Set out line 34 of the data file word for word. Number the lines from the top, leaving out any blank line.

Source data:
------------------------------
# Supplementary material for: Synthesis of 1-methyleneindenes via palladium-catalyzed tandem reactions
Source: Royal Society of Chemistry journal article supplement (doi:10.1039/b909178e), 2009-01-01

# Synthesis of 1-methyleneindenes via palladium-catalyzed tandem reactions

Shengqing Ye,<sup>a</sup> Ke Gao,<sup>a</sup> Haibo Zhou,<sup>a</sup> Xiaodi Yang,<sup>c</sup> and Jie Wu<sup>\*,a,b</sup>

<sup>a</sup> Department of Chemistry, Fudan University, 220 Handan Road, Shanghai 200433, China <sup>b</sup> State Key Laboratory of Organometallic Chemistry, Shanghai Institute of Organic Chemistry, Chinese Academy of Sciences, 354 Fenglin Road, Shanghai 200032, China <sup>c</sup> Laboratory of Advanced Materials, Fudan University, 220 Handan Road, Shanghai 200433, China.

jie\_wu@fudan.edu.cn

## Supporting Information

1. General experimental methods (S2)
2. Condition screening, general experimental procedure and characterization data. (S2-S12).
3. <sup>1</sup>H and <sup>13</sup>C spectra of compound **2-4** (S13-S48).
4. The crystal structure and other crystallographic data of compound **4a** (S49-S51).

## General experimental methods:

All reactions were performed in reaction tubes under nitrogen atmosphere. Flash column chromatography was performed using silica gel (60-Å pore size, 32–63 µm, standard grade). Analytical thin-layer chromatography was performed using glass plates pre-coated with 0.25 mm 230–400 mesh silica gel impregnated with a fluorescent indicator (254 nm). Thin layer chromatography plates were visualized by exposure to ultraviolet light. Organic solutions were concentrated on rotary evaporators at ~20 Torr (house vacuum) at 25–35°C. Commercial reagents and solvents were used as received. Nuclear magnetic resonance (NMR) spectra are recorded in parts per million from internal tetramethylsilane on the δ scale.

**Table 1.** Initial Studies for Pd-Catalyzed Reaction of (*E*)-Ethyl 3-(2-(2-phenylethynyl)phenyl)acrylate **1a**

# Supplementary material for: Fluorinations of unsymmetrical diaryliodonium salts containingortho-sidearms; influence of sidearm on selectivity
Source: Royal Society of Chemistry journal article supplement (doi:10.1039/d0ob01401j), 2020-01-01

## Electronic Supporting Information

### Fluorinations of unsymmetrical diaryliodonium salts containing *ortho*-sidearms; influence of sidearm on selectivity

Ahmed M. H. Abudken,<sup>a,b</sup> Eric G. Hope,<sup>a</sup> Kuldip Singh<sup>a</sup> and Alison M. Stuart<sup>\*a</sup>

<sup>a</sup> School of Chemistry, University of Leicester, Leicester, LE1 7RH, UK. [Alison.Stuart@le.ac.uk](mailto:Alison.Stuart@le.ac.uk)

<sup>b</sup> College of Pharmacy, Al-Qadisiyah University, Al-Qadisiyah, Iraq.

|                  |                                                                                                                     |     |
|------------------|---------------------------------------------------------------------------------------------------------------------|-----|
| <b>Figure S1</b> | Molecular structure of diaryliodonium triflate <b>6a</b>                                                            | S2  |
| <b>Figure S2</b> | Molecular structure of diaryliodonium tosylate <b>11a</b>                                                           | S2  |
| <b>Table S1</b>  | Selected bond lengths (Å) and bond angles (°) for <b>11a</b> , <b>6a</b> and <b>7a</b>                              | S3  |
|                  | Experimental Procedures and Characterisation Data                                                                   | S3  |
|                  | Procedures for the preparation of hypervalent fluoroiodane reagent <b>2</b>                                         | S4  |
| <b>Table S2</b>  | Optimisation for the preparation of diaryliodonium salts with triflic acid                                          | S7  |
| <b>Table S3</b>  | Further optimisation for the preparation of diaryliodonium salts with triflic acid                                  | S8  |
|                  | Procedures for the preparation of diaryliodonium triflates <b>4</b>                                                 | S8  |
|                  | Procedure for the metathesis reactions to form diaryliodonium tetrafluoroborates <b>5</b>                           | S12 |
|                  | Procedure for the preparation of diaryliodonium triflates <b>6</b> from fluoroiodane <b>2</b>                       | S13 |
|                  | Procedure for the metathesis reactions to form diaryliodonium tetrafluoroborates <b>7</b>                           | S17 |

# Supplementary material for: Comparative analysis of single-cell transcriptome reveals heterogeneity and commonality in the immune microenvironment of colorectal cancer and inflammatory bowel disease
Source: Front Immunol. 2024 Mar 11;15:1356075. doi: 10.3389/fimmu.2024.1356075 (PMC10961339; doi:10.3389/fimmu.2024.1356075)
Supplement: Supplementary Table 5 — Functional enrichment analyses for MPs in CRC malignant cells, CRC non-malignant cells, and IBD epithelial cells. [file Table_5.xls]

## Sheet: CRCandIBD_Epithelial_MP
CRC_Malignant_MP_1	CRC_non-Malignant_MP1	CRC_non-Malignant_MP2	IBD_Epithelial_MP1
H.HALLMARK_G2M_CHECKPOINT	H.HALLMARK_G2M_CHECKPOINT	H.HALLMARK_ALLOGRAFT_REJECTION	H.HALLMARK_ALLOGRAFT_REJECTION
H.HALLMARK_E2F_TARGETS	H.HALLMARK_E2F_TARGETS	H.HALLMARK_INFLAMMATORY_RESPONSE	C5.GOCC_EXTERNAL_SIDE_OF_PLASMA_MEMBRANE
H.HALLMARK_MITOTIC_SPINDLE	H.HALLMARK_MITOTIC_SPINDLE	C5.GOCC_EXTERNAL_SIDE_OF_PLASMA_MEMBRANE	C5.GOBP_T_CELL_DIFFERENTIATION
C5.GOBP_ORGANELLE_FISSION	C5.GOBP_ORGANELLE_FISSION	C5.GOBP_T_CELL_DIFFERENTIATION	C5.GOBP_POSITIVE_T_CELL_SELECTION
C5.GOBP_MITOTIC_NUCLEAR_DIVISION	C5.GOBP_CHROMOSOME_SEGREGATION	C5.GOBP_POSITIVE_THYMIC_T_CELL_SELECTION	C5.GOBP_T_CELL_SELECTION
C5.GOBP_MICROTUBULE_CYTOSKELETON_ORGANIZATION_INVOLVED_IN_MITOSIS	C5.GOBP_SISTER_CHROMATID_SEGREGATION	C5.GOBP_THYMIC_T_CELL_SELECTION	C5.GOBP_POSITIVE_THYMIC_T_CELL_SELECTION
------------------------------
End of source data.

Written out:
|                  | Procedure for the metathesis reactions to form diaryliodonium tetrafluoroborates <b>7</b>                           | S17 |